Genre: Historical fiction

Release Date: 7th November 2016

Publisher: SilverWood Books Ltd

Plague-widow Alice atte Wode is desperate to find her missing daughter, but her neighbours are rebelling against their masters and their mutiny is hindering the search.

June 1349. In a Hampshire village, the worst plague in Englands history has wiped out half its population, including Alice atte Wode’s husband and eldest son. The plague arrived only days after Alice’s daughter Agnes mysteriously disappeared and it prevented the search for her.

Now the plague is over, the village is trying to return to normal life, but it’s hard, with so much to do and so few left to do it. Conflict is growing between the manor and its tenants, as the workers realise their very scarceness means they’re more valuable than before: they can demand higher wages, take on spare land, have a better life. This is the chance theyve all been waiting for!

Although she understands their demands, Alice is disheartened that the search for Agnes is once more put on hold. But when one of the rebels is killed, and then the lord’s son is found murdered, it seems the two deaths may be connected, both to each other and to Agness disappearance.


Alice atte Wode, the Millers’ closest neighbour, was feeding her hens when she heard Joan’s first terrible anguished cries. Dropping her basket of seed, she ran to the Millers’ cottage. She wanted to cry out too at what she found there: Thomas and Joan both on their knees, clasped together, with Peter’s twisted body between them, sobbing as if the dam of their long pent-up emotions had burst. Alice breathed deeply to steady her nerves, for she didn’t know how to offer any solace for the Millers’ loss.

Not this time.

It was common enough for parents to lose children. It didn’t mean you ever got used to their loss, or that you loved them any less than if they’d lived. Few lost five children in as many months. But the Millers had. The prosperous family Alice knew only six months ago, with its noisy brood of six happy, healthy children, had been swiftly and brutally slaughtered by the great mortality.

Every family in Meonbridge had lost someone to the plague’s vile grip – a father, a mother, a child – but no other family had lost five.

The great mortality, sent by God, it was said, to punish the world for its sins, had torn the village apart. It had struck at random, at the old and the young, the rich and the poor, the innocent and the guilty. Some of its victims died coughing up blood, some with suppurating boils under their arms or next to their privy parts, some covered in dark, blackish pustules. A few recovered, but most did not and, after two or three days of fear and suffering, died in agony and despair, often alone and unshriven for the lack of a priest, when their loved ones abandoned them. After five months of terror, half of Meonbridge’s people were dead.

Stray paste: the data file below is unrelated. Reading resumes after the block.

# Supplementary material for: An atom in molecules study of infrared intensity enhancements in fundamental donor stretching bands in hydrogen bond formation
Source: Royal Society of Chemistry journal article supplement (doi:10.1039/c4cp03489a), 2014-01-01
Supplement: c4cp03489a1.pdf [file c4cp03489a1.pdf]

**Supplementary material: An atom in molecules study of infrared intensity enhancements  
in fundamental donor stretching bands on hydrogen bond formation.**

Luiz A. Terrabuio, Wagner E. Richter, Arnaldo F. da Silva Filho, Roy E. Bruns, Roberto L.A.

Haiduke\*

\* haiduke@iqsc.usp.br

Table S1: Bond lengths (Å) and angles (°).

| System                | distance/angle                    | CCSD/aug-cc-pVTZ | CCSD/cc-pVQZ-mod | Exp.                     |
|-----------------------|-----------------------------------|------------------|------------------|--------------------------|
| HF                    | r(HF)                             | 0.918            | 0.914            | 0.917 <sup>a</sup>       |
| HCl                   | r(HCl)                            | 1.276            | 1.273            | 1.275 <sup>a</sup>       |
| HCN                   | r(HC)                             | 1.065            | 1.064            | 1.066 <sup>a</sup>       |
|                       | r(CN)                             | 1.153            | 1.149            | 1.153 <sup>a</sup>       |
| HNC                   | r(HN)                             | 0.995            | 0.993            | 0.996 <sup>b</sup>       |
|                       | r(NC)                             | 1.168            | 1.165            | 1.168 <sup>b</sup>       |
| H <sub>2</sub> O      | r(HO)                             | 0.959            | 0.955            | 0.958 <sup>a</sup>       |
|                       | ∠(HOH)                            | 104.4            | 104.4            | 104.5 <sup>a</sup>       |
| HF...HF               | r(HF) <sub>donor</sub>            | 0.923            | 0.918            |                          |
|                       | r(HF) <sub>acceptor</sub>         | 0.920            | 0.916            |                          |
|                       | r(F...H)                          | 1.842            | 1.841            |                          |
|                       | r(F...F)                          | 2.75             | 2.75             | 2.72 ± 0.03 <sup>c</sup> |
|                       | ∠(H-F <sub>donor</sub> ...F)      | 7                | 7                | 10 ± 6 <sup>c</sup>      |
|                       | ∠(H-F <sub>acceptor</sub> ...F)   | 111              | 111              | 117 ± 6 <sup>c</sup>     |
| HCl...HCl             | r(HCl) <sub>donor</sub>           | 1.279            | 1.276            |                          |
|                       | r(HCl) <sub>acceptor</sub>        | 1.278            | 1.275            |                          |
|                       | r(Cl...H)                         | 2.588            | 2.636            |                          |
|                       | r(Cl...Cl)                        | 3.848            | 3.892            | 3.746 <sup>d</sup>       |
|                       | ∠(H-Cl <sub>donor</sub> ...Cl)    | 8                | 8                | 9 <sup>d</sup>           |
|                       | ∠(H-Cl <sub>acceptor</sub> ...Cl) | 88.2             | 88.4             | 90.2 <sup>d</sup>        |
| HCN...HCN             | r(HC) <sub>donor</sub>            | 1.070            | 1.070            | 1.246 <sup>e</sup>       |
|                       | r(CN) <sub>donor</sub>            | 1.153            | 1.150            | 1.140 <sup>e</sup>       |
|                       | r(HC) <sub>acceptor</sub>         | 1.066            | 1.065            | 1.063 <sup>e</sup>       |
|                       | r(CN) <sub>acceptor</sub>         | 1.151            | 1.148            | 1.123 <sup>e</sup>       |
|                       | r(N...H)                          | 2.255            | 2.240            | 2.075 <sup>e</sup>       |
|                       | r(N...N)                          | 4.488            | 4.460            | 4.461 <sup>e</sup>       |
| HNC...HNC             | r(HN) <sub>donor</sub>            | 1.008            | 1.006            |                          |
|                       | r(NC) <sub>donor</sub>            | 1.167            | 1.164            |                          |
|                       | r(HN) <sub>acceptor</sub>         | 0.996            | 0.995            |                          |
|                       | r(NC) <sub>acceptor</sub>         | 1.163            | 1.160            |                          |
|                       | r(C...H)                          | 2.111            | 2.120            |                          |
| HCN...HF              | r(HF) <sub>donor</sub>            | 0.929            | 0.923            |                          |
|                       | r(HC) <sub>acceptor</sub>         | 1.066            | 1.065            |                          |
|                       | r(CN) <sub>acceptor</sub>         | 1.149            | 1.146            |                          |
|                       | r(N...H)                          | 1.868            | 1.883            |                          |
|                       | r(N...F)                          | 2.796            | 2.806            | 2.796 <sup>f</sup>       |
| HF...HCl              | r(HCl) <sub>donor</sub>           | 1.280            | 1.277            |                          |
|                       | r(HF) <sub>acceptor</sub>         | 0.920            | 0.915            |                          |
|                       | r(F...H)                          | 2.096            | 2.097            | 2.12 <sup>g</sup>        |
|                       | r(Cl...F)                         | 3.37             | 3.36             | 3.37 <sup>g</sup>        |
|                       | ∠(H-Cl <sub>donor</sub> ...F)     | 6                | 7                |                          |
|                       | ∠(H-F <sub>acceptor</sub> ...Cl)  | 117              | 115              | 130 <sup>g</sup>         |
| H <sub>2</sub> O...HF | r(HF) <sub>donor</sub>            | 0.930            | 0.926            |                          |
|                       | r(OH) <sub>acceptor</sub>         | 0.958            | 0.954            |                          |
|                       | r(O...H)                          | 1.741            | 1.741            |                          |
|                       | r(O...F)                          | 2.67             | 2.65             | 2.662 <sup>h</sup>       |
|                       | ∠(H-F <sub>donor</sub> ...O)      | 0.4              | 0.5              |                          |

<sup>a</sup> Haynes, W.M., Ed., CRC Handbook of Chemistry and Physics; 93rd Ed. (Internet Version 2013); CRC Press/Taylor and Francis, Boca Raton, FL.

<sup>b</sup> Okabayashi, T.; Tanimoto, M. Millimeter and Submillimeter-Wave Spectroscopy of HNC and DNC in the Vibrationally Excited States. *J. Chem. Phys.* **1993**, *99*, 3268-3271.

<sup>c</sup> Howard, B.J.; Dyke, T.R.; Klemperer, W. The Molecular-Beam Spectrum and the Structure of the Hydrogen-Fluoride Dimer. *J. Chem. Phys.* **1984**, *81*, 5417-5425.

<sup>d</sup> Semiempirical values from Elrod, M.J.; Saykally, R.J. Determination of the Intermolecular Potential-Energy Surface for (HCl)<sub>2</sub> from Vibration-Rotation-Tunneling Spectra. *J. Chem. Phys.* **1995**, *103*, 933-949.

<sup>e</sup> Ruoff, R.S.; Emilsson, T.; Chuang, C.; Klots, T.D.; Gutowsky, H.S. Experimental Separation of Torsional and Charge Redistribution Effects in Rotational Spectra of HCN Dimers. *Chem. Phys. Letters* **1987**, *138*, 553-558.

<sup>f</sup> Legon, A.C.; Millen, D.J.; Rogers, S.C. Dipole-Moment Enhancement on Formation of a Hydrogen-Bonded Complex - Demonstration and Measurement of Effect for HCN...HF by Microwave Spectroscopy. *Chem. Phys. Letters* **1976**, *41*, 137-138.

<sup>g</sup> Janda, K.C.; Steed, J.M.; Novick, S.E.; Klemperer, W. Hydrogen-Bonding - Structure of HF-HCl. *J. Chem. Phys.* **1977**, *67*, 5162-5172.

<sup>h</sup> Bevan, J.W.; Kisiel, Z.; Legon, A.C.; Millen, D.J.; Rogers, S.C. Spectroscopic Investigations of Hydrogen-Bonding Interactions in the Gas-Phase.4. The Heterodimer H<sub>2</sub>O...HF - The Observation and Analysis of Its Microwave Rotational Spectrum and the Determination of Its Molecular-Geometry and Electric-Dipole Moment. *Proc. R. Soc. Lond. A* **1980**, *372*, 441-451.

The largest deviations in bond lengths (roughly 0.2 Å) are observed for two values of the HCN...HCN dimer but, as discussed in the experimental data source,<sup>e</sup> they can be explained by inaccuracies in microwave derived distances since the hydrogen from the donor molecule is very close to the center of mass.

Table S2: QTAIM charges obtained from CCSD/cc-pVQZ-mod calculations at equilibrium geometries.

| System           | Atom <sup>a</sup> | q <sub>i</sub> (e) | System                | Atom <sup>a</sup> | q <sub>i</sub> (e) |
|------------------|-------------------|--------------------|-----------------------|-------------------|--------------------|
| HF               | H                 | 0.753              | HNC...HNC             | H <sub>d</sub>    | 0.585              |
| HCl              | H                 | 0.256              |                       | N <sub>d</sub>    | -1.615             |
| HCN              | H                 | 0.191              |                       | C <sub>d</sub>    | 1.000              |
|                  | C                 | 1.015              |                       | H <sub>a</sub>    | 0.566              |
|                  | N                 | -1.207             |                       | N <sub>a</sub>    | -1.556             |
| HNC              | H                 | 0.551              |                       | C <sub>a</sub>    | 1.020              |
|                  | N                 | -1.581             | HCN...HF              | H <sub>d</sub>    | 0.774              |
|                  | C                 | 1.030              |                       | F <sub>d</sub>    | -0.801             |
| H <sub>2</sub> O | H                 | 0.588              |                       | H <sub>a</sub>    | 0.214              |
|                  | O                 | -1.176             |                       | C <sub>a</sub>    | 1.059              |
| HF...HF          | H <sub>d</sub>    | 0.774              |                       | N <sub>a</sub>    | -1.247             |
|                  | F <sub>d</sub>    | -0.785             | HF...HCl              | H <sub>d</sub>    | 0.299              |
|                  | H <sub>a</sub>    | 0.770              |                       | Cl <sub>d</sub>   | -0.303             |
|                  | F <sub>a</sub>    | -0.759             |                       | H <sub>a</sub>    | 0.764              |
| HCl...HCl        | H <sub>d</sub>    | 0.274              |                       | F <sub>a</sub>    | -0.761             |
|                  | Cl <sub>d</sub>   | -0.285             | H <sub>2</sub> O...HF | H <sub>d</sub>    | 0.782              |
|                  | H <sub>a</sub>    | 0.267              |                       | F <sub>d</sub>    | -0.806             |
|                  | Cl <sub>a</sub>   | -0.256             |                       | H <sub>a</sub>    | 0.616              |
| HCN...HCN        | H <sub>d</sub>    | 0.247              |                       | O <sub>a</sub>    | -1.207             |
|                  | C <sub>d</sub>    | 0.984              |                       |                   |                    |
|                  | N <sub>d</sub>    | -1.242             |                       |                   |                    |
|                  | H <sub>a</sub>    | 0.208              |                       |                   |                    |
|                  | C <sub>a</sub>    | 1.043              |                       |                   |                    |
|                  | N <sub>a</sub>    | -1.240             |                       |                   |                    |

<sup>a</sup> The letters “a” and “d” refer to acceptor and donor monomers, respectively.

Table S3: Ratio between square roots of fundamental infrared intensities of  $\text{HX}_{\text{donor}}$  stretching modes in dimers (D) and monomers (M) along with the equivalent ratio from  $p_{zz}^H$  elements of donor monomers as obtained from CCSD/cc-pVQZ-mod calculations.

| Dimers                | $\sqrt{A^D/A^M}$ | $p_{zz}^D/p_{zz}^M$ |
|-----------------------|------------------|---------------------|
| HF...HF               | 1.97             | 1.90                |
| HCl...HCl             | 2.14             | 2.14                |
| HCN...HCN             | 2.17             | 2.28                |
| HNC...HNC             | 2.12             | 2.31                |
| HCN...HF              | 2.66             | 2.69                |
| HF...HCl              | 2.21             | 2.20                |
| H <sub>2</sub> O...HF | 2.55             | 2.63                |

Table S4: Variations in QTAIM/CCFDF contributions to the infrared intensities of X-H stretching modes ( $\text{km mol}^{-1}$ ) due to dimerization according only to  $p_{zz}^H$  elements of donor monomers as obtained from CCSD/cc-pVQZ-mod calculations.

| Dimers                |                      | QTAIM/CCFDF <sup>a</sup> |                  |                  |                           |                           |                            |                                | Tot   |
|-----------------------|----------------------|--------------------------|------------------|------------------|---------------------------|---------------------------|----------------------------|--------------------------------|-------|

When the foul sickness at last moved on, leaving the villagers to pick up the pieces of their shattered lives, Thomas and Joan Miller went to church daily, to pray for their five dead children’s souls, and give thanks to God for sparing Peter. Then the arrival of baby Maud just a few days ago had brought the Millers a bright ray of hope in the long-drawn-out darkness of their despair.

But Peter hadn’t been spared after all.




Carolyn Hughes was born in London, but has lived most of her life in Hampshire. After a first degree in Classics and English, she started her working life as a computer programmer, in those days a very new profession. It was fun for a few years, but she left to become a school careers officer in Dorset. But it was when she discovered technical authoring that she knew she had found her vocation. She spent the next few decades writing and editing all sorts of material, some fascinating, some dull, for a wide variety of clients, including an international hotel group, medical instrument manufacturers and the Government. She has written creatively for most of her adult life, but it was not until her children grew up and flew the nest, several years ago, that creative writing and, especially, writing historical fiction, took centre stage in her life. She has a Masters in Creative Writing from Portsmouth University and a PhD from the University of Southampton.

Fortunes Wheel is her first published novel, and a sequel is under way.

Facebook: CarolynHughesAuthor

Twitter: @writingcalliope

Goodreads Author Page:





Paperback of Fortune’s Wheel (UK only)


Ecopy of the Book (International)

Learning about the medieval past

Fortune’s Wheel is set in the middle of the fourteenth century. When I embarked upon writing it, my knowledge of the period was fairly limited. I had a lot to learn!